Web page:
Swift: Things I really wanted that won’t make it

Here’s a short list of things that aren’t (or probably aren’t) going to be in Swift 3, that I was hoping to see.

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Fixed Ranges, Striding, and Range Operators. This splintered down into a series of I believe four separate proposals of which only the first one (improving floating point math) has gotten into review. A lot more work to be done here. Plus extending striding to collections.

Disambiguating SPM Naming Conflicts. My idea would be to come up with a way to allow multiple packages to share the same simple names (like “JSON Parser”) and differentiate them based on their source repo. Swift names should be simple and concise. Namespacing modules (“MySwiftStringUtilityCollection”) is very unSwift so overlap is not just likely, it’s already happening.

The language would adjust to add import as as well, so same-named modules (or modules with difficult names, or submodules) could be pulled in with simpler access from code.

Most of this depends on the overworked and overwhelmed build team, plus it would then require a Swift Evolution proposal for the “import as” component. There are already bug reports of package conflicts in the wild and this would introduce a simple way to add resolution.

Introducing Build Configuration tests for Simulator/Device targets. I gave up on even trying to do #if debug (if one is going to do the configuration tests, there doesn’t seem to be a large enough middle group that wants a preconfigured simple test) but I think #if target(device) (vs simulator/emulator) is doable and useful. Backburnered, along with any platform tests (Windows, Linux, Unix, Apple) until there’s time.

Method Cascades. Dart-like for the win. Postponed until after 3.x at a minimum. It’s language additive, which makes it less critical for 3.

Interpolated String Formatting. Brent Royal Gordon started this off and then it went into limbo. I think it’s important to be able to not just add \(aFloat) into strings but be able to do some kind of inline safe formatting about the number of decimal places, leading zeros, etc.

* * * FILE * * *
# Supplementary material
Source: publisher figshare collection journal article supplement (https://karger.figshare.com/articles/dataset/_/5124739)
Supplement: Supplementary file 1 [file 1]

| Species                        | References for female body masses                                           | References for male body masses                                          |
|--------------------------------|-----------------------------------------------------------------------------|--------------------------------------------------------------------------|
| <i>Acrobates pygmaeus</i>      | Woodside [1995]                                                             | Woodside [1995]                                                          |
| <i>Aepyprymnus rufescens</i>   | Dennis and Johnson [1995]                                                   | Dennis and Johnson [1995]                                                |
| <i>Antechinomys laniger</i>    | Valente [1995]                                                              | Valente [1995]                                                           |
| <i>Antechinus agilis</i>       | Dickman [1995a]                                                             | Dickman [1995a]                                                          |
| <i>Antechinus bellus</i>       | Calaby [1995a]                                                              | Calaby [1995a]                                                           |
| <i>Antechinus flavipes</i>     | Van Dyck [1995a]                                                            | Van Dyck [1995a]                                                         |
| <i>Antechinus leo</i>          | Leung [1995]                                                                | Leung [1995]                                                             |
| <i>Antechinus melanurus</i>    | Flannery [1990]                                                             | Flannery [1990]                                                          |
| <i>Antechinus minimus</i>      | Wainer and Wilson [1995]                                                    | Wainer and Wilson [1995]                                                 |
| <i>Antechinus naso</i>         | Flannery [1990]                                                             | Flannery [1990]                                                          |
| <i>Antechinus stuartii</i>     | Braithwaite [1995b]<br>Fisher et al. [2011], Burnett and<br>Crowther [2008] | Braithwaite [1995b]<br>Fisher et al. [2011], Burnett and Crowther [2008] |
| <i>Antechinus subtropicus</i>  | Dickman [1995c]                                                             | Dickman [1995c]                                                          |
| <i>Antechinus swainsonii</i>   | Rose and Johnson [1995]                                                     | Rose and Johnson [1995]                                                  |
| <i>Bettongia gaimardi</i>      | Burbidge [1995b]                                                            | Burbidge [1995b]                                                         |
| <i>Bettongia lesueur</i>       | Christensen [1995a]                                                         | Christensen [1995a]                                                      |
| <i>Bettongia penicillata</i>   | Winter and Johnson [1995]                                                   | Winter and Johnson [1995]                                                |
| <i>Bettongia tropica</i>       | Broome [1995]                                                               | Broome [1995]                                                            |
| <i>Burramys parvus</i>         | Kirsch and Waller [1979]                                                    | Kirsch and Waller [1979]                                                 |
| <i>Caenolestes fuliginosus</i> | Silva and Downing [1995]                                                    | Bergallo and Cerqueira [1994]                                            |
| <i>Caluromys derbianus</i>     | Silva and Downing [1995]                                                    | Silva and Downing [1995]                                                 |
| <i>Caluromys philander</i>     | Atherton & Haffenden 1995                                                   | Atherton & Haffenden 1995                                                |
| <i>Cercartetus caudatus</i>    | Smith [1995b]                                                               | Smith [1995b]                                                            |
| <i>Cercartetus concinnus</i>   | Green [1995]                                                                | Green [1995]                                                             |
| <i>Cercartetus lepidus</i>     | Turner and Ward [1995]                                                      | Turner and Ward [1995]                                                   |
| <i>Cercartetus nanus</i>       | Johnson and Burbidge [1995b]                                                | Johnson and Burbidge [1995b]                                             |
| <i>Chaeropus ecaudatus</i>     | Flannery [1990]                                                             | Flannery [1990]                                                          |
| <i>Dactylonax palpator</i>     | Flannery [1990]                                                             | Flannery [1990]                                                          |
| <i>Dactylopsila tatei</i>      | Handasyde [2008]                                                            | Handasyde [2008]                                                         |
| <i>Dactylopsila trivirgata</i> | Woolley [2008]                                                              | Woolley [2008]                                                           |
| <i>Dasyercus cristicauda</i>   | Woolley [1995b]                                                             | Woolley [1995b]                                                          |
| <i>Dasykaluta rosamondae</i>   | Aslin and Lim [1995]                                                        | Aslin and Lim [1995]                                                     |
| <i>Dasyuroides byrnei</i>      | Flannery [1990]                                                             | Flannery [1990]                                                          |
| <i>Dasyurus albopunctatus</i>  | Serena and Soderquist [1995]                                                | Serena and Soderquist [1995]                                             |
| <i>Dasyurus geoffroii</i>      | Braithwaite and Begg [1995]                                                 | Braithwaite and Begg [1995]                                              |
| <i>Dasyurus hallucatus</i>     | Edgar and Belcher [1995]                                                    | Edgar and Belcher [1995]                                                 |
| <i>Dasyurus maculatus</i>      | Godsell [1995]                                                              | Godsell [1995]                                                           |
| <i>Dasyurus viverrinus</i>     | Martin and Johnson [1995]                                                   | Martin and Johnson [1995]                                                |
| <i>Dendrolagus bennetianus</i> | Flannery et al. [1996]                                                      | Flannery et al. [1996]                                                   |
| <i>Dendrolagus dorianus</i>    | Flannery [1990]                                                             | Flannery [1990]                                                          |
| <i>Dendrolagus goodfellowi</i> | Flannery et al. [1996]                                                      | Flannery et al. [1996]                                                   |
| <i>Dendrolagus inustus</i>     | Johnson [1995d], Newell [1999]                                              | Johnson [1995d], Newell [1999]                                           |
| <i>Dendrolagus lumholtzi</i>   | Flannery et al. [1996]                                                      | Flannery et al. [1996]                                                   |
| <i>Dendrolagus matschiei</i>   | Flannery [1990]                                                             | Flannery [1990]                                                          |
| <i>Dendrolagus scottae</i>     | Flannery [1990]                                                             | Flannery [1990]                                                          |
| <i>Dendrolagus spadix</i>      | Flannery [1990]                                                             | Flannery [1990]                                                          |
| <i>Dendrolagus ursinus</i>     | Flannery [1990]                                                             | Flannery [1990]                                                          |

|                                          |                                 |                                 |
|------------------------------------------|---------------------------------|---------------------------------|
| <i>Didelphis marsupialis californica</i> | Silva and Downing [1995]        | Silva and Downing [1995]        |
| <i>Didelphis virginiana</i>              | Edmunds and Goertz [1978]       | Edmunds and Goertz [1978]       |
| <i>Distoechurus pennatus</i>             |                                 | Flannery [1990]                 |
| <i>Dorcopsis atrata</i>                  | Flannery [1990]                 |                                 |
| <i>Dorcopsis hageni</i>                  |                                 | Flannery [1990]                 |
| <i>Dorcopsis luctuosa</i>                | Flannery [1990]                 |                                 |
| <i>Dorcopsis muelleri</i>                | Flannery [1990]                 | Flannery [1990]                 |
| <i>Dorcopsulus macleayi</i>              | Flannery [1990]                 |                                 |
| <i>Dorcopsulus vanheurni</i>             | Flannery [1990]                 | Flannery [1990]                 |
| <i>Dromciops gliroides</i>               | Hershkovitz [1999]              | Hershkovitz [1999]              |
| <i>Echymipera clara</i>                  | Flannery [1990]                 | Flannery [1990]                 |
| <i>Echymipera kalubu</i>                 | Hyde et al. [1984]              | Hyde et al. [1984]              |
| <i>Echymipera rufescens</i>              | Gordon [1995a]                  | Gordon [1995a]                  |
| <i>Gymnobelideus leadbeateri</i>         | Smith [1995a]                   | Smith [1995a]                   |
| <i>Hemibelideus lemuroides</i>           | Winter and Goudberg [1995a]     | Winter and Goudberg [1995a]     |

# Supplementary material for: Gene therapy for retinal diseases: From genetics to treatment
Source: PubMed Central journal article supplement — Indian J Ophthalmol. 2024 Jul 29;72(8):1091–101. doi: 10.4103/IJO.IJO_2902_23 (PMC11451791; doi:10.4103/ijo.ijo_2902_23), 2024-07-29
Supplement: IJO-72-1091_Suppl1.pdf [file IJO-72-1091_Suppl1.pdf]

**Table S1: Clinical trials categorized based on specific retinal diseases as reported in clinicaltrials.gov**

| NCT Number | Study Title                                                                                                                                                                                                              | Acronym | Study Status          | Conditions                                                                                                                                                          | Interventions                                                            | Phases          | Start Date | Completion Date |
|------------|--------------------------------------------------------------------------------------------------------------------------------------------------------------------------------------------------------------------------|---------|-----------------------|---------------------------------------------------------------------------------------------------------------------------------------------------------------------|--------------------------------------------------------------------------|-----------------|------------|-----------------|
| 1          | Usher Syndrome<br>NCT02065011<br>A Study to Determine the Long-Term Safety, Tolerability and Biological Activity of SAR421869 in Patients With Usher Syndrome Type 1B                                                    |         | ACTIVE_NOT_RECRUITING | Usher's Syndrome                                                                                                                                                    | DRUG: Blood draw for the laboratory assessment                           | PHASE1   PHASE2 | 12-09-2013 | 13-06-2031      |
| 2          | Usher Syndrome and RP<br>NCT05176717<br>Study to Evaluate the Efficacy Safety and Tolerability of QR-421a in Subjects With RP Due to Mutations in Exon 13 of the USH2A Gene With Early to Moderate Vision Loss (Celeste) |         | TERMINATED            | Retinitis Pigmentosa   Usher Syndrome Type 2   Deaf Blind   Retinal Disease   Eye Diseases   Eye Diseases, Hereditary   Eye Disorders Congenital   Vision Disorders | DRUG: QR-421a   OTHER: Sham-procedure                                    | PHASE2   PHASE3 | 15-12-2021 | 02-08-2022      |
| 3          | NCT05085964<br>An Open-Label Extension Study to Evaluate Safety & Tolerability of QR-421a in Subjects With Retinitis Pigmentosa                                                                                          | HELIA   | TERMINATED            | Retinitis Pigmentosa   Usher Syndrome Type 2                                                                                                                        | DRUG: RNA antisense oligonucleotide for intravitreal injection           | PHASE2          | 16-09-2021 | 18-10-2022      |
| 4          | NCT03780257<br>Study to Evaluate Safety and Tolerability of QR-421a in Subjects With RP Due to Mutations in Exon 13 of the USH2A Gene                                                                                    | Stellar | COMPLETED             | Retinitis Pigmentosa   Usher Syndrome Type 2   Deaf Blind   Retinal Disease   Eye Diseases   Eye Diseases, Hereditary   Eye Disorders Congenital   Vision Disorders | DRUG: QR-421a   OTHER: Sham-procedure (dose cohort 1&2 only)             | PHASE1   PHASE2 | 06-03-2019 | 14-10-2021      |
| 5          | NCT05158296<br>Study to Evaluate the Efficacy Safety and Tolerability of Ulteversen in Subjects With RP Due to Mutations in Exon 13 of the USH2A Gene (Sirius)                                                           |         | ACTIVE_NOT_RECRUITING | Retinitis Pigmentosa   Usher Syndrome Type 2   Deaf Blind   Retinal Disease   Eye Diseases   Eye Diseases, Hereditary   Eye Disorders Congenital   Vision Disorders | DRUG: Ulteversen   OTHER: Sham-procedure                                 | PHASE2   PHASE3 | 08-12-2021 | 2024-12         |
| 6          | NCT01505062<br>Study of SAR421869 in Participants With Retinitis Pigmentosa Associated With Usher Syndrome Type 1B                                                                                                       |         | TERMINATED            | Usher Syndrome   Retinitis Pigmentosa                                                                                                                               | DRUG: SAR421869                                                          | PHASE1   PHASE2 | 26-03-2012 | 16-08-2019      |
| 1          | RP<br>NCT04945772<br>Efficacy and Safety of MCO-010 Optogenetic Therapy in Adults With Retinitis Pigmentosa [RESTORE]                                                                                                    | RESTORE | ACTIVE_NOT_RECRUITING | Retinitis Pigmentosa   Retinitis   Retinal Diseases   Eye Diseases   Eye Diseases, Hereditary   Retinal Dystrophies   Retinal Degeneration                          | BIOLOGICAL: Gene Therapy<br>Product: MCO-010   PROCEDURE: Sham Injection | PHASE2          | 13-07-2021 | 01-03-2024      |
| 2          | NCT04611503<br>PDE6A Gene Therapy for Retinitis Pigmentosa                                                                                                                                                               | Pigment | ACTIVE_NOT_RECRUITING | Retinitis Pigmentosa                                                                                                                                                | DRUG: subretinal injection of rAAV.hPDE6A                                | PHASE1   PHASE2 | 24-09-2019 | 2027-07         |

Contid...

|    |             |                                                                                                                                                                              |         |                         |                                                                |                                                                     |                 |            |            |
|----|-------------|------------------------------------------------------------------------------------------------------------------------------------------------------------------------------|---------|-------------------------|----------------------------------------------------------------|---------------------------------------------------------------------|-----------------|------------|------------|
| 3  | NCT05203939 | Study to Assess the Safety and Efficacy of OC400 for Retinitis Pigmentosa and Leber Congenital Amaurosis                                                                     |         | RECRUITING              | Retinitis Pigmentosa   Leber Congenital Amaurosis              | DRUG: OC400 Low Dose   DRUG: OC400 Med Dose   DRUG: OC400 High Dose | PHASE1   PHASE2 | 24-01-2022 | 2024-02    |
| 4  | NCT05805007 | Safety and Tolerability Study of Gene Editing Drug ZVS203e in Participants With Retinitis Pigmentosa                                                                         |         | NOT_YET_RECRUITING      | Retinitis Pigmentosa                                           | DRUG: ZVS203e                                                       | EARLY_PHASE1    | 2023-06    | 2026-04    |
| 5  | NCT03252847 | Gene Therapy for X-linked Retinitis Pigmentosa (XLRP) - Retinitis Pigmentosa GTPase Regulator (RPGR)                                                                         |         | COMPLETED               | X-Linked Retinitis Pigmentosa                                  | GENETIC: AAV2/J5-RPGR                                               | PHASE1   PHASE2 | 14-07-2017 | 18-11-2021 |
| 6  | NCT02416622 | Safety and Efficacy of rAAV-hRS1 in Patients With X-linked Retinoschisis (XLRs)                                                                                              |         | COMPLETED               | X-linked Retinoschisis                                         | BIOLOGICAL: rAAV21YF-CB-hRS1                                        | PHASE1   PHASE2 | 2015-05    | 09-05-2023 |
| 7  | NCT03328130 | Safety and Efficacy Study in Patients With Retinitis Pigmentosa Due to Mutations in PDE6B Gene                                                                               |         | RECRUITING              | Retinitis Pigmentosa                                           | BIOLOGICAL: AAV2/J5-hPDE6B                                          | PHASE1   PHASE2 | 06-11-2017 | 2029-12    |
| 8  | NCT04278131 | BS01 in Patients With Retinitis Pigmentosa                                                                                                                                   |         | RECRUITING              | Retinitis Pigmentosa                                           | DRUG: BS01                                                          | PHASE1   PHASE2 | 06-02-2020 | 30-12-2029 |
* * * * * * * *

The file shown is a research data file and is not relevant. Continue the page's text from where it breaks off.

Core Error. Not hugely popular but not entirely dead, I thought it would be nice to have a built-in basic “default error” to throw that included source site (where the error was thrown) and an optional customizable string and/or dictionary. This wouldn’t replace any other errors but it would provide a convenient error for anyone building scripts and playgrounds (or, let’s be honest, simple apps) where you didn’t want to build something more carefully and extensive with individual error condition cases.

Macros. Didn’t happen. Won’t happen for a while.

Decimal Numbers. Ditto.

Duplicating and modifying immutable structs. Brought up “with” on list, showed an implementation, it got discussed, went nowhere.

Final by default for Swift-sourced classes (would not apply to anything from ObjC), where you enable subclassing rather than disable it. Seemed to split down between Swifties (for it), ObjCHeads (against it).

A Result Type for use in completion blocks, rather than the data, status, error signature we currently have. Big war over Result (specific use case, measurable benefit) and Either (just a thing that could be built and used for this). I prefer Result.

Intrinsic Member Collection for Enumerations. There’s a pull request but that’s about it.

Expanding Cocoa Touch Defaults. The idea was to take a cue from the better-imports from ObjC (SE-0005) and extend the pruning and defaults to other common classes. This isn’t a Swift Evolution process but I have no contact point with whom to take it up with for Foundation and UIKit. (initial unreviewed list), and I’m not yet satisfied with which defaults I actually want to push on.

There’s actually two more items on my list that just might squeak through: